I'd be able to play my repertoire on a $50 laminate uke just as well as on a $1000+ Hawaiian made one.

Of course, the price generally reflects the cost of workmanship and materials that went into the uke, and there certainly will be a trend for the more expensive ukuleles to sound better. However, I think the rule of diminishing returns will apply. After a certain price point, the perceivable difference in quality will become less with increasing price.
 

LorenFL

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On the broader topic of what makes a 'real' ukulele, I think any well made uke from a reputable company would suffice as an instrument that can play all the pieces.

I'd be able to play my repertoire on a $50 laminate uke just as well as on a $1000+ Hawaiian made one.

Of course, the price generally reflects the cost of workmanship and materials that went into the uke, and there certainly will be a trend for the more expensive ukuleles to sound better. However, I think the rule of diminishing returns will apply. After a certain price point, the perceivable difference in quality will become less with increasing price.

I've been saying this for years! A good musician can make any instrument sound good (or at least better than it is). Whereas, you could hand me the finest $7,000 custom ukulele and I would still sound like... me. This is why it's taken me so long to even consider spending more money on a better instrument.

And I've seen some of those comparisons of ukes from different price points, and there's definitely a difference from <$100 to a few hundred, and further difference up to a couple thousand. Beyond that?

Not to worry, the odds of me ever paying more than $1k for a ukulele are pretty slim!

Thanks for all of the feedback in this thread, everyone! I've poked around some more this evening, and I'm leaning even more towards the redwood. It doesn't hurt that someone sent me a PM and offered to sell me a used CK-42. That could potentially make the decision a little easier.
 
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I am intrigued by the concept of sinker redwood. I’ve watched tv shows regarding harvesting of sinker wood - which all seem to be in the lowlands. Florida, Louisiana- where there are many wide and slow moving rivers.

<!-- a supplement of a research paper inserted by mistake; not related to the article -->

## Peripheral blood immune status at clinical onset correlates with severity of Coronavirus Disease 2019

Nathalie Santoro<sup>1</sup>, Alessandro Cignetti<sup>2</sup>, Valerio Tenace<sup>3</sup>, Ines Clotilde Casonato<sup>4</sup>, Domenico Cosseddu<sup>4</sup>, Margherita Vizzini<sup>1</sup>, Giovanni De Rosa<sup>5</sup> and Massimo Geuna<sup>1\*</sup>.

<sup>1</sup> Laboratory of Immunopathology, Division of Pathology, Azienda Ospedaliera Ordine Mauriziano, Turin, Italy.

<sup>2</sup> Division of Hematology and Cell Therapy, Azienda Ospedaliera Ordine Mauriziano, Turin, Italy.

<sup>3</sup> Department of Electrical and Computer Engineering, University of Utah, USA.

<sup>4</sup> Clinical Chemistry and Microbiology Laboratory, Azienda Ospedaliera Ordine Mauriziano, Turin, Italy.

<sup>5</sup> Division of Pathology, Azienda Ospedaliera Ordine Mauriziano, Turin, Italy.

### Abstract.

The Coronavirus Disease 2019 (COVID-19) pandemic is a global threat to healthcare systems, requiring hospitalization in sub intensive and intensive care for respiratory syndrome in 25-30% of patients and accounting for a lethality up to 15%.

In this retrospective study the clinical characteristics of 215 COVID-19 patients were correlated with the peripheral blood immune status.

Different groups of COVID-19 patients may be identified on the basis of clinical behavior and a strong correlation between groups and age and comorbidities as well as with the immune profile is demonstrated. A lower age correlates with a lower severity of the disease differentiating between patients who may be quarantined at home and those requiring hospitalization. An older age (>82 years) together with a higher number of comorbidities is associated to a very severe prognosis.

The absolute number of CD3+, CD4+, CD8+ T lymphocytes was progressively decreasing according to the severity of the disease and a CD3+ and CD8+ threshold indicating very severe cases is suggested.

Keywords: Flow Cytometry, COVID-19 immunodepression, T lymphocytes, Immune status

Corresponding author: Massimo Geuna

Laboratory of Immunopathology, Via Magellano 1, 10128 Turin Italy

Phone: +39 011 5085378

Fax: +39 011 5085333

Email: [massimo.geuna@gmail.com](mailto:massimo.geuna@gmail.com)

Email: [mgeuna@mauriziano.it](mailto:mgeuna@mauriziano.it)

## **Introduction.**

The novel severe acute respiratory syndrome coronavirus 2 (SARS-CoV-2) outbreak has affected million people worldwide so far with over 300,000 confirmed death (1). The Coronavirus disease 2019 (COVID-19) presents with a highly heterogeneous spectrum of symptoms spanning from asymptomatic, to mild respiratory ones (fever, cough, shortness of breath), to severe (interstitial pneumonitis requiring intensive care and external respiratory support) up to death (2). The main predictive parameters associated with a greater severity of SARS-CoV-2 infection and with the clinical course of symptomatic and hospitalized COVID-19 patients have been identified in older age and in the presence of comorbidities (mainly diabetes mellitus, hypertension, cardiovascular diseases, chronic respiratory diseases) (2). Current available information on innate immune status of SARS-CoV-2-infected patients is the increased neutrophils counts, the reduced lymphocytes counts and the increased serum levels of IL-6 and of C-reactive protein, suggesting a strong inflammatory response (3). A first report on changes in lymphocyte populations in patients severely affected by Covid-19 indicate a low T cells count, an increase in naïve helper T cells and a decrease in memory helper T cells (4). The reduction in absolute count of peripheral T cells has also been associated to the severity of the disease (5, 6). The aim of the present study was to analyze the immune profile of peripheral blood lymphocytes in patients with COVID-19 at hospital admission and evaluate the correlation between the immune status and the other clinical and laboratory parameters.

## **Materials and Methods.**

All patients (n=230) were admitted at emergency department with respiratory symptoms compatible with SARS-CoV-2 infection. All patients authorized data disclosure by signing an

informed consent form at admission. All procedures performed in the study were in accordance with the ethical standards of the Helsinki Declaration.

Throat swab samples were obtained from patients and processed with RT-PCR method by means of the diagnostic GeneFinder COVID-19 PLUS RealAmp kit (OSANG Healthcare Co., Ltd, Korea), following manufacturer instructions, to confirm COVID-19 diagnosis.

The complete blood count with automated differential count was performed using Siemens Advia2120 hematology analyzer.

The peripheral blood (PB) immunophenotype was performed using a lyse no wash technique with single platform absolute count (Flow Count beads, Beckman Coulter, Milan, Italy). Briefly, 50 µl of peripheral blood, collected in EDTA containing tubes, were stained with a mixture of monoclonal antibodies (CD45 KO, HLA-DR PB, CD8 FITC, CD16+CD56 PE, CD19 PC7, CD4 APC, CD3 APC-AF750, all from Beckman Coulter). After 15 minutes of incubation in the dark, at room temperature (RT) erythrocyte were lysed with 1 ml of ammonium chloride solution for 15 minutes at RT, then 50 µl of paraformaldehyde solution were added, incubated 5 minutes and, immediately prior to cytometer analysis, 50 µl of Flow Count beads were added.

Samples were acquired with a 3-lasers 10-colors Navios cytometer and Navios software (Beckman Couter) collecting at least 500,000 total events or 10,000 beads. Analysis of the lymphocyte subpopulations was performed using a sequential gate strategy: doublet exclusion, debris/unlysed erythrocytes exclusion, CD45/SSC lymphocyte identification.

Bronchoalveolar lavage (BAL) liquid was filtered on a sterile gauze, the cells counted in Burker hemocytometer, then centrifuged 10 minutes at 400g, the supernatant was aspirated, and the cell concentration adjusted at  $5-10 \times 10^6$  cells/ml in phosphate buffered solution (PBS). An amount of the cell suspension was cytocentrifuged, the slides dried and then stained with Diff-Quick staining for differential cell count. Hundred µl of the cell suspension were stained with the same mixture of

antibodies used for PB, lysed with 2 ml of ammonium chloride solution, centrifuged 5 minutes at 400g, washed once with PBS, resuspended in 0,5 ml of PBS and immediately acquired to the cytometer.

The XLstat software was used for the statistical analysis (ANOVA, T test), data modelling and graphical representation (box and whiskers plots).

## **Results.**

Redwoods don’t grow anywhere near those sorts of rivers. The largest rivers close to Redwood country would be the Eel River and the Mad River? Which are white water in nature.

I will need to research this.
 
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Graham Greenbag

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Member ‘Kissing’ above has, I believe, hit the nail on the head; as good advice as anyone could wish for.

In the original post: “Decided to send an email to Mim asking for opinions. Given her reputation, I wouldn't mind buying from her. (and she doesn't sell the Mainland) She came back with the Ohana CK-50G, which is also Cedar/Rosewood. Seems to be similar quality and slightly cheaper.”

As I understand it the Ohana and the Mainland are so similar that they are thought to come from the same factory.
I suggest that you keep things simple, don’t overcomplicate things with specialist sinker wood, and buy the Cedar topped Ohana. Mim has a good reputation, she’s earned it and her recommendation will steer you towards a winner.
 

jer

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He's a member here, but I'm not sure if he's still around. His other videos are worth watching if you haven't seen any. Looks like he hasn't posted anything new in a while. Great player.
 
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LorenFL

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I've never had any doubts that a cheap uke can be playable. My only question has ever been "how much better is a pricier uke?" and "would I be able to leverage the difference in sound with my skill level?"

That was a good comparison. The expensive uke SOUNDS a lot better. Sure, he can play the same tune on the cheap one, and it sounds "fun", but back-to-back... there's a very clear difference in volume and quality of sound.
 

LorenFL

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As I understand it the Ohana and the Mainland are so similar that they are thought to come from the same factory.

Mim's first email response to me after I'd mentioned the Mainland as a possible benchmark was "Ohana has a version of the Mainland". I thought she was just comparing the two, but... maybe the CK-50 is actually a clone of the Mainland and made in the same factory? Interesting.
 

merlin666

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Mim's first email response to me after I'd mentioned the Mainland as a possible benchmark was "Ohana has a version of the Mainland". I thought she was just comparing the two, but... maybe the CK-50 is actually a clone of the Mainland and made in the same factory? Interesting.

Yes, many of the mass produced ukes are made in the same factories and they just change label and a few decorations. There is surprisingly little difference between ukes of different brands. At least Ohana makes the effort of having a bit of diversity by offering multi string and uniquely shaped ukes. Brands like Kala that just change size and a large variety of wood types and other decorations are boring, though at least they have U Bass as unique product.